Top budget expert makes case for minimum wage in reconciliation

Procedural move would allow a raise to avoid a filibuster and pass with a simple majority in Senate

Senate aide Bill Dauster, center, talks with Sen. Chris Van Hollen, D-Md., and then-Sen. Kamala Harris, D-Calif., during a 2017 Senate Budget Committee hearing. (Tom Williams/CQ Roll Call file photo)
Senate aide Bill Dauster, center, talks with Sen. Chris Van Hollen, D-Md., and then-Sen. Kamala Harris, D-Calif., during a 2017 Senate Budget Committee hearing. (Tom Williams/CQ Roll Call file photo)
Posted January 22, 2021 at 7:30am

A leading authority on federal budget law and Senate rules is making the case that raising the federal minimum wage can be done through budget reconciliation, which would allow the legislation to pass on a simple majority vote rather than requiring the support of 60 senators as is typical.

Bill Dauster, who served as deputy chief of staff for former Senate Majority Leader Harry Reid, D-Nev., wrote in a guest op-ed for CQ Roll Call published Friday that there's enough budgetary impact associated with a minimum wage boost to at least warrant consideration from the Senate parliamentarian, who typically adjudicates which provisions will qualify.

Dauster, who was also a longtime Democratic aide on the Senate Finance and Budget panels, goes on to say that if the parliamentarian disagrees that the minimum wage can be raised through reconciliation, the presiding officer of the Senate is “empowered to make this call."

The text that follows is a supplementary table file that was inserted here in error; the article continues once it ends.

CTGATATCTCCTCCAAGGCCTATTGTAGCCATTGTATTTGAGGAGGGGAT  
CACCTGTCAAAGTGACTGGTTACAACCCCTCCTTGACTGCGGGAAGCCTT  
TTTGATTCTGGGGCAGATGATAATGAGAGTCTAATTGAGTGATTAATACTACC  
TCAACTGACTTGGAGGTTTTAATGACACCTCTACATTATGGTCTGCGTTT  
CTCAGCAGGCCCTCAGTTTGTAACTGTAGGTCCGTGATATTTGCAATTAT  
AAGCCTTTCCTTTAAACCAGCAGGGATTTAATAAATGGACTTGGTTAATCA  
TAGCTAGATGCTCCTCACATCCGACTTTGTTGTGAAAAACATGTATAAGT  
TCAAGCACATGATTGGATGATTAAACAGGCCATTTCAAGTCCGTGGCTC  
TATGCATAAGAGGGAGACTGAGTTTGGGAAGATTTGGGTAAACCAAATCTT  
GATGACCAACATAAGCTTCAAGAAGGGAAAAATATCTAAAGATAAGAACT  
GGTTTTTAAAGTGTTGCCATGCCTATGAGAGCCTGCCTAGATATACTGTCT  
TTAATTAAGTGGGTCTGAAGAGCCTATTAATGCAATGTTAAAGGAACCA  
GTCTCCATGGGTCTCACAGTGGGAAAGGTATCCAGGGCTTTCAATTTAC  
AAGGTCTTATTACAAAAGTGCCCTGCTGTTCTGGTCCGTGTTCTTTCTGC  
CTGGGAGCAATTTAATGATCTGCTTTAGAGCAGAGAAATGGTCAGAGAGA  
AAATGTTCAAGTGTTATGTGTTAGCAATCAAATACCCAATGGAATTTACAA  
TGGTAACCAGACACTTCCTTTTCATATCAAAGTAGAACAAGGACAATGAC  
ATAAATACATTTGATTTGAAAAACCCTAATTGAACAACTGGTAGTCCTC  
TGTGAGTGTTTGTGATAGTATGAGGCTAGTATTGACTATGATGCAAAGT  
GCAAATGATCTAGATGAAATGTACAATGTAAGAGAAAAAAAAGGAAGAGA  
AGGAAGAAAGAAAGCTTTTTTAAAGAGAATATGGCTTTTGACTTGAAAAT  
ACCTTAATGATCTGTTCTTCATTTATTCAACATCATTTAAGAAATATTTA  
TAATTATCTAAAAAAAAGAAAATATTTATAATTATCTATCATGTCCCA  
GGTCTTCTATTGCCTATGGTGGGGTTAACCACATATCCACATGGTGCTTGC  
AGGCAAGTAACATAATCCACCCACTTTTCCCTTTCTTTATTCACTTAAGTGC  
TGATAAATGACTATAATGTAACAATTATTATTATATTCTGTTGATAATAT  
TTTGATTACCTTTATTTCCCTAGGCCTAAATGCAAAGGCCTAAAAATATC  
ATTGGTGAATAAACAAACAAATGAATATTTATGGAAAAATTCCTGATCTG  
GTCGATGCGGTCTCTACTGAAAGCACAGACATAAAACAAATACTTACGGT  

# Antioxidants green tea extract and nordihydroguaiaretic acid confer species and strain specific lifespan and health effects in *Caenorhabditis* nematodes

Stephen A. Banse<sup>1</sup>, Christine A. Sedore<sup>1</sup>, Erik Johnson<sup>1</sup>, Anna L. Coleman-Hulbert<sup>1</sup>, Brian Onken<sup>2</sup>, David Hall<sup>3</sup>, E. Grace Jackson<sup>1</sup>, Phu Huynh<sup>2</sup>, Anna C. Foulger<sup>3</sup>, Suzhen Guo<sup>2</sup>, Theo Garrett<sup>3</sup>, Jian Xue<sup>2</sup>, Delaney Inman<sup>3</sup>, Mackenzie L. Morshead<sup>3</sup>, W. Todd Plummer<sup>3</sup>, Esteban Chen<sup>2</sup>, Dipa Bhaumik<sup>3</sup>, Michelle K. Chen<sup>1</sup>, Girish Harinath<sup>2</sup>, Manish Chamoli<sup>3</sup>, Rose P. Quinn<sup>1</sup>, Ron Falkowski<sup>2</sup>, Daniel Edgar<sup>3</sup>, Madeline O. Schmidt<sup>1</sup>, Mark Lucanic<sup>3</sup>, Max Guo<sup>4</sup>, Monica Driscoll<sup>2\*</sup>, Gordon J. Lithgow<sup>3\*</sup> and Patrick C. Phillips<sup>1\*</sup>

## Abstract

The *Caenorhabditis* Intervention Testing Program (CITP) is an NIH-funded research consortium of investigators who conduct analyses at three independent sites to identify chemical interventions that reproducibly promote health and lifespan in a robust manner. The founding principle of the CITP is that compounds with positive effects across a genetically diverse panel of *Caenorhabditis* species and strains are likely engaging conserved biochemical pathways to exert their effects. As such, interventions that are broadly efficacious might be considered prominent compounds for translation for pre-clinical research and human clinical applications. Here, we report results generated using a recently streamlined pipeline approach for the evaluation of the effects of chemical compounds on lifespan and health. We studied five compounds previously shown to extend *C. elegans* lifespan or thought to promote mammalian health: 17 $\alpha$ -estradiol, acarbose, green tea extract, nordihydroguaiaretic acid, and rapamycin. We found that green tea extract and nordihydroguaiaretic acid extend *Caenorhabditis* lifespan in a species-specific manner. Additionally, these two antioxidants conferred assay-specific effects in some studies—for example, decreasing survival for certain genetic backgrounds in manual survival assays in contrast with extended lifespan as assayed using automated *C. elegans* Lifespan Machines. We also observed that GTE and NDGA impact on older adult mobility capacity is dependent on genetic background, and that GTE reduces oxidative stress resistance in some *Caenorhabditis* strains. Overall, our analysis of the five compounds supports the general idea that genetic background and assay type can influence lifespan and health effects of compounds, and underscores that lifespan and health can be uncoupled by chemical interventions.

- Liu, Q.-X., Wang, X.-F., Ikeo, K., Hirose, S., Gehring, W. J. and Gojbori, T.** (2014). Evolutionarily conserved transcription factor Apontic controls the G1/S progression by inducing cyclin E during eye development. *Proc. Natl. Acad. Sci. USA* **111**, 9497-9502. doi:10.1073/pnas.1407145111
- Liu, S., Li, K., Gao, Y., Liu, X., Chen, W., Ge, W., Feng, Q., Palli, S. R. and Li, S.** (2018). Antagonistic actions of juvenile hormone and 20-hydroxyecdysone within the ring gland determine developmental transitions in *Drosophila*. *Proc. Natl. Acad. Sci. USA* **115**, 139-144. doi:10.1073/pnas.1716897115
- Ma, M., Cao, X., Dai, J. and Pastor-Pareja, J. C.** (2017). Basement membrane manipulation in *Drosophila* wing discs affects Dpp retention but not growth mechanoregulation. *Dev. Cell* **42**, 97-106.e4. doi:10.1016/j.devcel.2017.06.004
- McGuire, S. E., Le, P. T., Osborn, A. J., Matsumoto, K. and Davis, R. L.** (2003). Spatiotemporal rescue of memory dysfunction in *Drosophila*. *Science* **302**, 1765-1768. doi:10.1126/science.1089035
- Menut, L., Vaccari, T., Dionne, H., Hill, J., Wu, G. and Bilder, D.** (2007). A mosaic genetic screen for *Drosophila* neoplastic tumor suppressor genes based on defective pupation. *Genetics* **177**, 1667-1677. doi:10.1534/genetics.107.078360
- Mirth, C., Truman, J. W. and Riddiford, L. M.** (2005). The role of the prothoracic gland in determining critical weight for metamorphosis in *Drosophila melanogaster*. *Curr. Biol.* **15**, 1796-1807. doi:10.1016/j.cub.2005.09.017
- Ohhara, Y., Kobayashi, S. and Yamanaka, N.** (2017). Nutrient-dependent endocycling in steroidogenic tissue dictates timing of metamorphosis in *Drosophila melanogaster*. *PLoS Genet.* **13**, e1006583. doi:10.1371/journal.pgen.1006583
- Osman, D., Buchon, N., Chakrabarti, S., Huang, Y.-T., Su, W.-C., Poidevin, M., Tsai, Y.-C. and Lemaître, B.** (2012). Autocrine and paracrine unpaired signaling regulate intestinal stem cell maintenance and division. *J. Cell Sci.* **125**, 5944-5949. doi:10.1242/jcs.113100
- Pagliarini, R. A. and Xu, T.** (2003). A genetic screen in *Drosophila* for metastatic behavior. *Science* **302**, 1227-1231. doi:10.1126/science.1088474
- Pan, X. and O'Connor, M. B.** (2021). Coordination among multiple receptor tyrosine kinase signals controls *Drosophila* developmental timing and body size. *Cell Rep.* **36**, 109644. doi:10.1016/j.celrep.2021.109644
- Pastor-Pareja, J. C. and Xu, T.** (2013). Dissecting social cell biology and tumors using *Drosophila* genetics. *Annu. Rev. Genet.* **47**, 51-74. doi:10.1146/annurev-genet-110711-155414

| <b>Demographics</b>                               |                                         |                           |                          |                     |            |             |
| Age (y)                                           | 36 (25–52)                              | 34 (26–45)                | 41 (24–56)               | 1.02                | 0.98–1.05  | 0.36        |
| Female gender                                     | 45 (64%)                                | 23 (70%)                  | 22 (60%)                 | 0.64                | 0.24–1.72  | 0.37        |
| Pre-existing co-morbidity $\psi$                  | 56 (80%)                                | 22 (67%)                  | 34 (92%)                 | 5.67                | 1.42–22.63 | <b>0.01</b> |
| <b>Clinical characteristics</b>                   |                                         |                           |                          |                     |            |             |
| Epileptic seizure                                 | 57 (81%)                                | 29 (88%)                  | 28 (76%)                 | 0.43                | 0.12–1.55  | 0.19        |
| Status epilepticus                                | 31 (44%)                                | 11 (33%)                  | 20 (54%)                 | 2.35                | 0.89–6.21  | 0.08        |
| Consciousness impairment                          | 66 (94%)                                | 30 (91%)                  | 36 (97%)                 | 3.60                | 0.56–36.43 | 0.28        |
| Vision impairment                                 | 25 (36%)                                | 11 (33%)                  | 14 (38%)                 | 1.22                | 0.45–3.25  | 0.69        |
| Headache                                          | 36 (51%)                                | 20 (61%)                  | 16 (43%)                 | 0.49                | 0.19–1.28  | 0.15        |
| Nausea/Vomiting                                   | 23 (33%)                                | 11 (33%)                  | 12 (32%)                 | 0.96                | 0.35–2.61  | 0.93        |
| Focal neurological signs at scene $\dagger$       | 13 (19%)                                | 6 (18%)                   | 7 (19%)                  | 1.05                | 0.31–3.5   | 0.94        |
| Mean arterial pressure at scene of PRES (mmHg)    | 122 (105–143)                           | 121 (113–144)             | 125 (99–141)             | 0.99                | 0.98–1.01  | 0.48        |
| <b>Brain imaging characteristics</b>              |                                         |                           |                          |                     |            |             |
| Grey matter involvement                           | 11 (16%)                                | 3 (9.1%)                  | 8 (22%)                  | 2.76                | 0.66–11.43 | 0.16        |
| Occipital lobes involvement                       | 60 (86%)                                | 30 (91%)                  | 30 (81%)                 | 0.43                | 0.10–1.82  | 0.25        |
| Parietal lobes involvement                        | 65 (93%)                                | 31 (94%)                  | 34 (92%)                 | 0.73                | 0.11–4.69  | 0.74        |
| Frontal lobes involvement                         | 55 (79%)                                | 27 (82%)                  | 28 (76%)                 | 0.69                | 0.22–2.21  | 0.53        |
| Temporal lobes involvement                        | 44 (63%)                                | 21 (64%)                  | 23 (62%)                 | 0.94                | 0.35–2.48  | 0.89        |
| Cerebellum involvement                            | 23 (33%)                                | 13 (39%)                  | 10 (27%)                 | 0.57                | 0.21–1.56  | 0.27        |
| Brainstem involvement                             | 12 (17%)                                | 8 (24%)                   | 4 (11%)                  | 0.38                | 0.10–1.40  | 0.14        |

President Joe Biden wants to increase the federal minimum wage to $15 an hour as part of his $1.9 trillion COVID-19 rescue plan. Democrats are preparing to try to pass as much of the plan as possible through reconciliation if they can’t gain enough Republican support to pass it through regular order.

A minimum wage boost appears unlikely to win the backing of enough Senate Republicans to clear the 60-vote threshold.

The House passed legislation in 2019 to raise the federal minimum wage from $7.25 an hour to $15 in stages over a seven-year period, including gradual elimination of the lower minimum wage for tipped workers, by a vote of 231-199 with just three Republicans crossing the aisle to support it.

Critics point to estimates from the Congressional Budget Office and others that over time the measure could result in millions of job losses, while backers cite reductions in poverty and increased wages for millions of workers.

In the Senate, what can be included in reconciliation legislation is restricted by the so-called Byrd rule, named for former Sen. Robert C. Byrd, D-W.Va., who died in 2010. Among other provisions, the Byrd rule bars measures that have no impact on spending or revenue, or where the budgetary impact of the law would be “merely incidental” to the nonbudgetary impact.

The Byrd rule is enforced by senators who raise points of order to strike provisions from a reconciliation bill. The presiding officer determines whether an objection is valid, typically after consulting with the parliamentarian.